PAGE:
As I mentioned today the global landmine problem is getting worse, not better. Currently landmines are being planted at a rate 25x greater than they are being cleared. According to the UN, even if no more landmines were planted ever again it would take over 1100 years to remove all the mines that are currently in place using present day technology.
Although innovative programs like the HeroRats organization can greatly speed up demining, there is a clear need for multiple tools to manage the growing problem. The Nitrogen dioxide detecting plants, RedDetect, I mentioned in class are now being developed by Aresa - a non-profit organization in Wallonia, a part of Belgium. Although Arabidopsis plants were originally used it was decided that, although they grow quickly, they were not visible enough from a distance (kind of important if you want to stand well back). Therefore the same technqiue has been applied to tobacco plants. The tobacco plant was chosen as it is known to grow well in a wide range of environmental conditions and any changes in colour can easily be seen because of its large leaves. The tobacco plants were transformed in the same way as the Arabidopsis with an activation gene from the snapdragon plant, which enables them to detect nitrogen dioxide, a by-product of landmines, in contaminated soil. This releases anthocyanin, a natural red plant pigment, into the leaves.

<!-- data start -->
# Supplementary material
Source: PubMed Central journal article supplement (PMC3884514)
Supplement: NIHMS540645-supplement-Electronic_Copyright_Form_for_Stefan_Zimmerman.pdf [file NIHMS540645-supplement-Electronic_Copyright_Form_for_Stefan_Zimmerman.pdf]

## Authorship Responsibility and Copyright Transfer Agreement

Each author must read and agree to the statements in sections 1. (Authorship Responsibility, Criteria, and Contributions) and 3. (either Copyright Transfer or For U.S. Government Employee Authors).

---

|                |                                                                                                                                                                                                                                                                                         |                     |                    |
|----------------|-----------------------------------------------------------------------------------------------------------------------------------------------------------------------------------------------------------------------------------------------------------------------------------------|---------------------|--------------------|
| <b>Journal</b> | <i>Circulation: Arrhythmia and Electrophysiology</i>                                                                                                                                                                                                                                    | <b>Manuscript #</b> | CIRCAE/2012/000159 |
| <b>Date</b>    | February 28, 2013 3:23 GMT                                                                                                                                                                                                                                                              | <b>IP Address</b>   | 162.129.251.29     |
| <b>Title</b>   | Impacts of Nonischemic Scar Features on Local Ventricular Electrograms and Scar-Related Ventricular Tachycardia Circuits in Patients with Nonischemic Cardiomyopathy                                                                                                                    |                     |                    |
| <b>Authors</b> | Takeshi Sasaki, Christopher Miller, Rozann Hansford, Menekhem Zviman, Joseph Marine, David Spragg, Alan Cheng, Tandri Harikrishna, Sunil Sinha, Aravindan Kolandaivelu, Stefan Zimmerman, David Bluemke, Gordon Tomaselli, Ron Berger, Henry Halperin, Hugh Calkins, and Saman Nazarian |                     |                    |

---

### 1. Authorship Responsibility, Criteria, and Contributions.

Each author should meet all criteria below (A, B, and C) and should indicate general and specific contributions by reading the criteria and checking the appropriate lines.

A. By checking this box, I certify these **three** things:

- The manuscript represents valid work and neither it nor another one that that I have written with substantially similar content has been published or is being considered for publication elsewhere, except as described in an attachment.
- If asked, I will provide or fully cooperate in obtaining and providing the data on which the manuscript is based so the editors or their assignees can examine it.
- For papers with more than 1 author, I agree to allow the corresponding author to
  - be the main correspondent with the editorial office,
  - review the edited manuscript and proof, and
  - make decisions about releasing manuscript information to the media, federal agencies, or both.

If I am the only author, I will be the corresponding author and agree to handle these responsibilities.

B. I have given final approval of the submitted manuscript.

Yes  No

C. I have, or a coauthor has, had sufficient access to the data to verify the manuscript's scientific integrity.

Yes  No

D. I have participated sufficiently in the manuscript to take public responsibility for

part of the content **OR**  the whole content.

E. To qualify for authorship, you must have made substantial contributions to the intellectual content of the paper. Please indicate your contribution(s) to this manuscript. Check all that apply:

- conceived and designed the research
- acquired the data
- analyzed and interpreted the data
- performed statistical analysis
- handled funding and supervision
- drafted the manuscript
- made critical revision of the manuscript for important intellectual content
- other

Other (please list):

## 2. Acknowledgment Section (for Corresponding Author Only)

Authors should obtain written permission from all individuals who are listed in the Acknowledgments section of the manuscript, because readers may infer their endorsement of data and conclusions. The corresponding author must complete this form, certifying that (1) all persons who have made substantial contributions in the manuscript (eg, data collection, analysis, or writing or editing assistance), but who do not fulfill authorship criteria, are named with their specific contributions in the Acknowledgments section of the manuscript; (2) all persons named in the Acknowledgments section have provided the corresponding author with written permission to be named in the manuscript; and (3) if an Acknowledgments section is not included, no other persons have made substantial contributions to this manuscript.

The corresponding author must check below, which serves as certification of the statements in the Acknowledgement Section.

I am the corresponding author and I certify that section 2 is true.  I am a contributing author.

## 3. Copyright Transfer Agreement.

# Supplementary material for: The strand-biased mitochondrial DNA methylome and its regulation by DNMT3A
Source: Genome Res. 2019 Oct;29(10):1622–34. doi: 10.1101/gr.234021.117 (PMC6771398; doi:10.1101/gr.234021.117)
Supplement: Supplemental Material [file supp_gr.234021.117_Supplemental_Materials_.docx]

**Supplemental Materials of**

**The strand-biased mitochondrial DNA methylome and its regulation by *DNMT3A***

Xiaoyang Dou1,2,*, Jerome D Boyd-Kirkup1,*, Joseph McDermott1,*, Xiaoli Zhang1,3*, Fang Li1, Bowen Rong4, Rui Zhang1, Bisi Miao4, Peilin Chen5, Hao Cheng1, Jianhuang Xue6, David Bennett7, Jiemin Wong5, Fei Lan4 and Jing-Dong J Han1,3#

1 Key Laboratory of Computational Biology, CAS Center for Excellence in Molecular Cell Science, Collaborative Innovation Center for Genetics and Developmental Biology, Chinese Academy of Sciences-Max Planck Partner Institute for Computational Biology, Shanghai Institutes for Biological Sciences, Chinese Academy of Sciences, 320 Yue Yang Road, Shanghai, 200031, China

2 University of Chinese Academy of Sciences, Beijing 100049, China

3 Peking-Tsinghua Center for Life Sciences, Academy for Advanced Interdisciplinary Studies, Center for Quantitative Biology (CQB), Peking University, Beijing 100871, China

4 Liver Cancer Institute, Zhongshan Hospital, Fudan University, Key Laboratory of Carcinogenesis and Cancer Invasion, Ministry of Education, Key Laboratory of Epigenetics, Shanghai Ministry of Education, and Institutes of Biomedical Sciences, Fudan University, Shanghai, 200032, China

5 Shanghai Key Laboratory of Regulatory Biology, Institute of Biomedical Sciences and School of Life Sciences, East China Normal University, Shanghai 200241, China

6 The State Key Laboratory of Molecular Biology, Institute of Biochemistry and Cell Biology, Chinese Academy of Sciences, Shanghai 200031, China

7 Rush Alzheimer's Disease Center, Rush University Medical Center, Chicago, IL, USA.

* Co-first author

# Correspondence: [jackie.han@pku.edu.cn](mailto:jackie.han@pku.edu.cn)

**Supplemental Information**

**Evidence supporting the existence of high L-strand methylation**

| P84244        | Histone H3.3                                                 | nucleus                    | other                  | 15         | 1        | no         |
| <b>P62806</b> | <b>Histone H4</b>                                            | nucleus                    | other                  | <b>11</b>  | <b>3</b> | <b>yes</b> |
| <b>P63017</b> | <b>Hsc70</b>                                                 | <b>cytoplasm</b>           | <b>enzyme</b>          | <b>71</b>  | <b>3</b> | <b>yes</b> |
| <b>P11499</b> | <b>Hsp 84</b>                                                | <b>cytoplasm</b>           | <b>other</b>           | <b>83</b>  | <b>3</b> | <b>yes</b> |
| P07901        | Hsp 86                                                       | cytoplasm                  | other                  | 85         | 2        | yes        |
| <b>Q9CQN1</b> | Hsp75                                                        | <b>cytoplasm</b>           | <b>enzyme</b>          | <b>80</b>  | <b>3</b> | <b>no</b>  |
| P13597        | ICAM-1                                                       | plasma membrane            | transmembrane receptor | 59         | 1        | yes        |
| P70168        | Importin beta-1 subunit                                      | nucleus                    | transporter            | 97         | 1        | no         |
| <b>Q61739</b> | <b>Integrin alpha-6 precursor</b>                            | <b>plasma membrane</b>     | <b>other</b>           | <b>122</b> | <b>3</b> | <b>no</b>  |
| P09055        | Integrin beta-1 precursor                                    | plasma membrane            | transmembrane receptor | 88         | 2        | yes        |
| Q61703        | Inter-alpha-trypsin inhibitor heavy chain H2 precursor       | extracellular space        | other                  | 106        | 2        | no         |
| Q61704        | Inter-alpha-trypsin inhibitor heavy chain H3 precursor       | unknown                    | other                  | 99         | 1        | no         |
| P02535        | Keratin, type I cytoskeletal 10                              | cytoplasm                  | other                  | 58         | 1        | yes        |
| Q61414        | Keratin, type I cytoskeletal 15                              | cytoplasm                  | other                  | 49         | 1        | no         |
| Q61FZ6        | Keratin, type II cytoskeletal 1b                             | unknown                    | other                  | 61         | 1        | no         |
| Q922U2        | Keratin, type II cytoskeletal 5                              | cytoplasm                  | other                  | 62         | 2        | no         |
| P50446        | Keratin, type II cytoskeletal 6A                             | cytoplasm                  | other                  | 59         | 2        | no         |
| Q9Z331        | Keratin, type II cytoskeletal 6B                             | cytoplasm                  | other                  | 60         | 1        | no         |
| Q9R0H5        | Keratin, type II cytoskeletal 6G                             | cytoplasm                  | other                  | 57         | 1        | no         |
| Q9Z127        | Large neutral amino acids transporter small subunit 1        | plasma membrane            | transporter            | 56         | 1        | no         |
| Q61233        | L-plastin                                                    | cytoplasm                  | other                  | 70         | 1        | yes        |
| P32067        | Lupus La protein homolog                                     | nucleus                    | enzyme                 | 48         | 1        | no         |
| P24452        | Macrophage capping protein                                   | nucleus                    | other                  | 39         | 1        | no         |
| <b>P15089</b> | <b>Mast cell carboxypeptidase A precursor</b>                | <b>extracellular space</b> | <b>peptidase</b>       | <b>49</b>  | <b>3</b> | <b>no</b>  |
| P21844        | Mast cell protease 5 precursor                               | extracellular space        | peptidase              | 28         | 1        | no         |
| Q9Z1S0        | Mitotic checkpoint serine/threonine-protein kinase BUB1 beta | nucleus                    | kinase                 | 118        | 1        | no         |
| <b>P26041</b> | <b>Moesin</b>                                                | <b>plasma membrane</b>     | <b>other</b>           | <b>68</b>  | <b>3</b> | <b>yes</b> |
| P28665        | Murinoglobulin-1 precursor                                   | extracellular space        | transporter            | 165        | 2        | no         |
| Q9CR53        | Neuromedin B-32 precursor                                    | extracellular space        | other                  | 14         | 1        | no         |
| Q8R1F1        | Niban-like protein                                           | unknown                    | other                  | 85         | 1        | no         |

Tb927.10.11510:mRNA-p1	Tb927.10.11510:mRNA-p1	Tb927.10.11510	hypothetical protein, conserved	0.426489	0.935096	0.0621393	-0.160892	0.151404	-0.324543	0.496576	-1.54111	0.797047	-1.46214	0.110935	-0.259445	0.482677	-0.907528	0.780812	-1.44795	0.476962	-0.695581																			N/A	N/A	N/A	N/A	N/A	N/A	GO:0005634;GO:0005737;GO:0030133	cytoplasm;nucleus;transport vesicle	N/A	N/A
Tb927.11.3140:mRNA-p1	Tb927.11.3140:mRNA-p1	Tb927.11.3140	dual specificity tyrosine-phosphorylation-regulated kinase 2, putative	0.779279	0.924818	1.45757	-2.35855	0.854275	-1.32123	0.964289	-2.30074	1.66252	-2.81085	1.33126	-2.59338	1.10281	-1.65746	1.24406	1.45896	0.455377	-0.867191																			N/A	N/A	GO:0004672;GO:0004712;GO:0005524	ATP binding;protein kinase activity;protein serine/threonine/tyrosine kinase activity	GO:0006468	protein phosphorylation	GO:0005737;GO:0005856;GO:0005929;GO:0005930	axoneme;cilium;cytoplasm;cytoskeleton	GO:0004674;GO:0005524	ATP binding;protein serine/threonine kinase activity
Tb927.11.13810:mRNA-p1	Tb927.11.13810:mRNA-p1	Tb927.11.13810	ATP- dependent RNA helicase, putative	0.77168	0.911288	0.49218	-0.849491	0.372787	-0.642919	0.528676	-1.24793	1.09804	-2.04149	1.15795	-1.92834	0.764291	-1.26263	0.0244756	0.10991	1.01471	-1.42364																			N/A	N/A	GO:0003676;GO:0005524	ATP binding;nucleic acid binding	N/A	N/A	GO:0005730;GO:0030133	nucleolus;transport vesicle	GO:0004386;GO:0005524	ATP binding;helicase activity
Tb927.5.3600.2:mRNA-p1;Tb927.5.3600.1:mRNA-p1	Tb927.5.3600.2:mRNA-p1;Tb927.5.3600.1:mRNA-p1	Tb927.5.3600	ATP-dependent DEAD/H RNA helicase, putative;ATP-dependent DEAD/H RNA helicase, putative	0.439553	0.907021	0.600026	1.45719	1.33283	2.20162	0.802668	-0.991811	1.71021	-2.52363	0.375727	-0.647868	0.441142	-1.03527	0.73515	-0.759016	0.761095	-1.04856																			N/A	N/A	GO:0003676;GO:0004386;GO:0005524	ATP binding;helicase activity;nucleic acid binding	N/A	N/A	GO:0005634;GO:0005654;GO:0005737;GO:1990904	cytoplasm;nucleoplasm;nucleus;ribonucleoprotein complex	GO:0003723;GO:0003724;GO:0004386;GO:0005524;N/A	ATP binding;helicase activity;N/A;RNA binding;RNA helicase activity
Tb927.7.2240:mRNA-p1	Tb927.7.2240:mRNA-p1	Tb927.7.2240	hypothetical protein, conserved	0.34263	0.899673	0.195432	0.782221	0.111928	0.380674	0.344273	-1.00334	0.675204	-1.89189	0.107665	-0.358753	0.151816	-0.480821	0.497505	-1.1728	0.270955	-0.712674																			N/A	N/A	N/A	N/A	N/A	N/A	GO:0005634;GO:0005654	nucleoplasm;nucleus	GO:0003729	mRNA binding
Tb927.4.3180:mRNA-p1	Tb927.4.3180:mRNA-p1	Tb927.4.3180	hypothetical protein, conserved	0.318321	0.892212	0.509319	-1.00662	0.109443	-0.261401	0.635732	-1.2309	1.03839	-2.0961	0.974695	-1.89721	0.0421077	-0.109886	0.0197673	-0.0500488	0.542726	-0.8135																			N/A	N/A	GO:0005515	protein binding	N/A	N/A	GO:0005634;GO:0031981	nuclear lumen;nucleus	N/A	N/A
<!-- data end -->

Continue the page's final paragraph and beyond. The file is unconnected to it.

As of April 2009 the plants have already been successfully tested in laboratories and greenhouses and are now undergoing field trials in Serbia and South Africa. The plants only detect the mines of course, someone still needs to physically remove them...
One of the guys that took us into the minefield has stepped on 6 landmines. The first landmine blew off his foot. The next landmine took off half his leg. The next 4 blew his prosthetic leg to pieces, and he hopped down to the NGO for a replacement. Yet, he keeps going back into the minefields to illegally cut down trees that he can sell to the Thais for $5 a piece. This is how he feeds his family. And that is the life of a village de-miner.
From Adam Katz's blog entry about a visit to a Cambodian minefield.